Retirement saving a fine lesson for kids
At a bookstore last weekend, I sat down to skim through a volume, and a woman and her two children were sitting at the next table. The older one was probably in fifth or sixth grade and the younger one in first or second. Their conversation was in Korean and English, alternating between the two languages freely.
Nowadays, many children are fluent in English. I have heard children in the playground talking in English with friends or having a conversation with their parents. Their skills are certainly different from the proficiency of my generation, who began to learn English in middle school. These days, many children learn the Korean and English alphabets together, and community preschools have children sing nursery rhymes in English. Parents prefer taekwondo schools with English-speaking masters.
Bilingual education is effective when applied at an early age. You can master two languages when exposed to both before linguistic identity is formed. Research shows that bilingual education also stimulates brain development. It would be great if parents could speak two languages to their children from birth, but not many have bilingual skills. So they often rely on private classes and tutoring because only students who are proficient in English can get into specialized high schools and prestigious universities.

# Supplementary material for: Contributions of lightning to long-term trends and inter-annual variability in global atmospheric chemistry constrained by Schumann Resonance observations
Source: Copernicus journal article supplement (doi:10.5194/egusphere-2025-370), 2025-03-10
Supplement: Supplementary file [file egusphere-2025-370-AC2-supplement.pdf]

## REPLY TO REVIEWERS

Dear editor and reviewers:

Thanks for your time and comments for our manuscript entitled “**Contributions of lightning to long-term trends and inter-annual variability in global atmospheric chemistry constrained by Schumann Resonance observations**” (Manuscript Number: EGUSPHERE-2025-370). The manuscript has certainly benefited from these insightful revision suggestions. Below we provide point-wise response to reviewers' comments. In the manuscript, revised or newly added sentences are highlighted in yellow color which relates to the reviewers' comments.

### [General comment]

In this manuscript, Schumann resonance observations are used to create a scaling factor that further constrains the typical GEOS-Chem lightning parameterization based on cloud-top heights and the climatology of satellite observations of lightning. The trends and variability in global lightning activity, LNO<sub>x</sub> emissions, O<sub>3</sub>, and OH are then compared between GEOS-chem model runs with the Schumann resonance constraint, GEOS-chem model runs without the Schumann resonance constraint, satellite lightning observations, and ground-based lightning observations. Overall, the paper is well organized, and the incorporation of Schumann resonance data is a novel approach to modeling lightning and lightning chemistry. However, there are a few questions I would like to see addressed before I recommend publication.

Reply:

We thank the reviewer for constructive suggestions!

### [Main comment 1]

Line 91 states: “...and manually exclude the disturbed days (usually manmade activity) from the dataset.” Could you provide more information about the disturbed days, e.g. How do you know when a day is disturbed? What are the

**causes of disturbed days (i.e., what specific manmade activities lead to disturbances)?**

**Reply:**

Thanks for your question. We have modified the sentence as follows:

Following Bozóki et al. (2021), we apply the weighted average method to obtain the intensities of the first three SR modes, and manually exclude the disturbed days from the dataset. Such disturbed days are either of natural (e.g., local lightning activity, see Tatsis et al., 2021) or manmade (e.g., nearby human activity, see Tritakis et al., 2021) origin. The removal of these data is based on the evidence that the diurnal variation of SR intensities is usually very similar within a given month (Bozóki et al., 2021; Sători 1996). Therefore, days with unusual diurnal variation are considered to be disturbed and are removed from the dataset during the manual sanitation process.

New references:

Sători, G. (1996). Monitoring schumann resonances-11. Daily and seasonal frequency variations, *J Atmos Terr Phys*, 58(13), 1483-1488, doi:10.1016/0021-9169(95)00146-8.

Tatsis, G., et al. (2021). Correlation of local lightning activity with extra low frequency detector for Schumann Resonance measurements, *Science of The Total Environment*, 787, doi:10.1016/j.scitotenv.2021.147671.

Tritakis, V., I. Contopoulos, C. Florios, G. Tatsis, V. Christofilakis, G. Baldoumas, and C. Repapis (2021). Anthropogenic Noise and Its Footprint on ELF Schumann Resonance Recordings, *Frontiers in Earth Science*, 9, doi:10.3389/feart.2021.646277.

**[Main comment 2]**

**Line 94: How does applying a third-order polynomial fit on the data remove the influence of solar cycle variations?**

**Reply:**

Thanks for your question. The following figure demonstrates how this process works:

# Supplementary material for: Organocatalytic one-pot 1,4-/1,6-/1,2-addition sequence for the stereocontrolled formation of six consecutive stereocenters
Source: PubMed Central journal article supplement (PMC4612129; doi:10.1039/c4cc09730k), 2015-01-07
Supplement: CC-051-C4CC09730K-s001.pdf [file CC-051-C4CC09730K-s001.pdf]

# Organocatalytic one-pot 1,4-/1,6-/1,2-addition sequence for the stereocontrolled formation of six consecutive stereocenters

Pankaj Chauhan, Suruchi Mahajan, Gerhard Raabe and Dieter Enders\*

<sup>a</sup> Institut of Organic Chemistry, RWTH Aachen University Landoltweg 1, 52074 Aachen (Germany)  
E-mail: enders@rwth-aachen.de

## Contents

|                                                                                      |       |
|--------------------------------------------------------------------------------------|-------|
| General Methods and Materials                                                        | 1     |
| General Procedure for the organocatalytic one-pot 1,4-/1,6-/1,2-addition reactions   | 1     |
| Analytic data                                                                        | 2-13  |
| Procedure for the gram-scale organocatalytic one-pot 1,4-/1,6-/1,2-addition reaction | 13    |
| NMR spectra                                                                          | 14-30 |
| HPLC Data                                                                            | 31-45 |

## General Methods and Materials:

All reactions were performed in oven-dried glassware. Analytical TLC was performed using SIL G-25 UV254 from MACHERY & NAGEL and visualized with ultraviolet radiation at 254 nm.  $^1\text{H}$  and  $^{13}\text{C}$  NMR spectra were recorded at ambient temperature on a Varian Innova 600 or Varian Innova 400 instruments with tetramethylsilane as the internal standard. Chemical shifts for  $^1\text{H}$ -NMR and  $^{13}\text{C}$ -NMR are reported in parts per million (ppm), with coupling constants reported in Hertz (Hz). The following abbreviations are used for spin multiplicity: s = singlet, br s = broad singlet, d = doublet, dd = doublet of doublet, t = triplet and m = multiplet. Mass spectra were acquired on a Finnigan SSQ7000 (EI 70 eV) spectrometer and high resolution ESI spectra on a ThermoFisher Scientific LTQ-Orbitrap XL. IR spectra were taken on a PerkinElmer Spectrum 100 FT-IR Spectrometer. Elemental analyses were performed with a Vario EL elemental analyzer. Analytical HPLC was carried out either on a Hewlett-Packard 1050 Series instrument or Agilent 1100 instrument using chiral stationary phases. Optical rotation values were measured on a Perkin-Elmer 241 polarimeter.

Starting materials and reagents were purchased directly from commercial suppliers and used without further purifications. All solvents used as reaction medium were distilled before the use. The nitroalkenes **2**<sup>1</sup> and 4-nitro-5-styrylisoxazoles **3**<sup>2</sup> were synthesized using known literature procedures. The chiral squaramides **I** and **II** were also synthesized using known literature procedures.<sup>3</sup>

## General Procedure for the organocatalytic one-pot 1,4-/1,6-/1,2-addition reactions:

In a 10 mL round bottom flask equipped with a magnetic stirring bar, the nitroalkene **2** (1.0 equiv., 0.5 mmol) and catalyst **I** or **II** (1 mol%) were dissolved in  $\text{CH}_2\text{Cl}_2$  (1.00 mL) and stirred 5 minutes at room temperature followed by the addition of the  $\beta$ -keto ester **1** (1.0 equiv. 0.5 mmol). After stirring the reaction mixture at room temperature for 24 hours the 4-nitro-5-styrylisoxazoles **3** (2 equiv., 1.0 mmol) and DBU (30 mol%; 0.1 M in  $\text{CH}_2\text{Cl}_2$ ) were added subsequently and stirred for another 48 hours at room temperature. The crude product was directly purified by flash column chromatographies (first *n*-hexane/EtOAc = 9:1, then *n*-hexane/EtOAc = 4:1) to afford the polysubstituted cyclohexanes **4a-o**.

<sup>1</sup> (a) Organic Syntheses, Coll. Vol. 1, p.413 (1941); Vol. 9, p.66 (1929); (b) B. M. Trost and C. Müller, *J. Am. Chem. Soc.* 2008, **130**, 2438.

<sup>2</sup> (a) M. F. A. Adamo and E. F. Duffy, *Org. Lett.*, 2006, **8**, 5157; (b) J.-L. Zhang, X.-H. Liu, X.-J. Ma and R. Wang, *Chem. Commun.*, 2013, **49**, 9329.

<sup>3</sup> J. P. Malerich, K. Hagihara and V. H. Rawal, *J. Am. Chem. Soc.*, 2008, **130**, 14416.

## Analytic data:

About 820,000 households across the country are classified as “edu poor,” families that are in the poorhouse because of education expenses. One in nine families with school-age children are in this category, according to a survey by the Hyundai Research Institute. Last year, the edu poor class spent 28.5 percent of their discretionary expenditures on education, an average of 810,000 won ($705) per month, compared to the national household average of 580,000 won. The average monthly income of edu poor households was 3.31 million won, 1.2 million less than the national average. They earn less and spend more on education; naturally, they’re becoming poorer.
But their expenditures do not end with education. Parents often give allowances to children until they get a job, and support them until they marry, too often neglecting to save for their retirement. According to the LG Economic Research Institute, Korean parents have 8.7 years to prepare for their retirement after their children become financially independent. The poverty rate among senior citizens is 45 percent, the highest among the 34 members of the OECD.
Parents could teach their children a valuable lesson in personal responsibility and discipline by taking care of themselves.
* The author is an editorial writer of the JoongAng Ilbo.
by Bae Myung-bok